5 Impressive Developments in Banking Technology
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- By Chad Fisher
- September 25, 2013
GoBank™ announced in a June 25 press release that any public user could now create an account with the bank—straight from their mobile device. Despite the fact that it has no physical branches, GoBank™ offers mobile bank accounts, with no overdraft fees, and over 40,000 free ATMs. The new platform (which the Wall Street Journal Marketwatch cites as “specifically designed for the smartphone generation”) is primarily targeted towards Millennials looking for a fast, easy, and convenient way to bank.
While GoBank™ remains one of the only mobile-only banks, many traditional banking institutions—facing competition from online financial services as well as competition within the industry from other banks—are hard at work developing banking technology to reach a new generation of customers with devices theses consumers already own, use and love.
Because of these recent advances, customers no longer have to visit a bank branch during normal business hours to make a deposit, and bill paying has never been easier. Below are several new banking technology trends that have already been introduced or that are expected to be introduced in the coming months.
5 Products that are the Future of Banking Technology
1. Digital Deposit Apps
Although credit cards, debit cards, direct deposit and on-line bill payments have made old-fashioned paper checks a vanishing species, paper checks are still encountered by most people from time to time. Internet technology and mobile apps have been developed that make depositing a check as easy as scanning the check into a digital format or taking photographs of the front and back with a smartphone or other mobile device. The resulting digital file or photographs can then be sent to the bank where the check is processed in the same way as a deposit made at the teller window — and certainly seems like the future of branch banking.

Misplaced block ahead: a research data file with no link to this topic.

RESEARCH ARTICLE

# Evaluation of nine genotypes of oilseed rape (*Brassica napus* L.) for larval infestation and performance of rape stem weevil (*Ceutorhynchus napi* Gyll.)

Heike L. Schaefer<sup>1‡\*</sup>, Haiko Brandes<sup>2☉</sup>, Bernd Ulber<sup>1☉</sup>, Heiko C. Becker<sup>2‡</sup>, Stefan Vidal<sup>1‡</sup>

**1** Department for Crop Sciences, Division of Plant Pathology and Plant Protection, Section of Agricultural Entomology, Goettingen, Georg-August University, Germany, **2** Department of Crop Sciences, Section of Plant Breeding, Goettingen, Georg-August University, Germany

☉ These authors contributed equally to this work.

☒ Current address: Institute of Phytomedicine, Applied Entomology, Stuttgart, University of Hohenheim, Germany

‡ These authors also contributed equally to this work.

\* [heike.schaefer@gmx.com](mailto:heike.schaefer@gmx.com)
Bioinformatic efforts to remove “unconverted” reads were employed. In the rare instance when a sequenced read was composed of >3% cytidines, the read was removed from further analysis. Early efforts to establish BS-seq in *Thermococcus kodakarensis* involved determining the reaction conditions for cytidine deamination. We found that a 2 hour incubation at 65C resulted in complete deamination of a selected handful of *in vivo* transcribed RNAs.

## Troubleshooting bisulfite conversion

Bank of America, Chase Bank, and CitiBank are just a few of the major financial institutions now offering mobile check deposit through their apps.
2. Photo Bill Payment Apps
Following fast on the heels of digital deposit technology are photo bill payments apps that facilitate payments to companies that only issue hard-copy bills and invoices.
This new technology in banking works by transmitting information from the bill into an individual’s bank account using a digital photograph of the bill. The payment amount, due date and company issuing the bill is collected, allowing the bill to be paid electronically from the user’s account. Regular bill payments can also be scheduled using these apps.
Currently only a few banks offer this service, including City Bank Texas, but like all new technologies that make life more convenient, use of this service is sure to spread.
3. Smartphone Credit Card Scanners
Studies have shown that consumers tend to spend more when using a credit or debit card to make a purchase than they might with cash. This fact has been a selling point for companies who market and service credit card processing machines.
However, new technology now circumvents the traditional credit card machine by allowing credit or debit card payment processing using a reader attached to a mobile device (one example of this service is the Square app). The scanner reads the card, and the specified amount of money is transferred directly from the cardholders account into the payee’s account.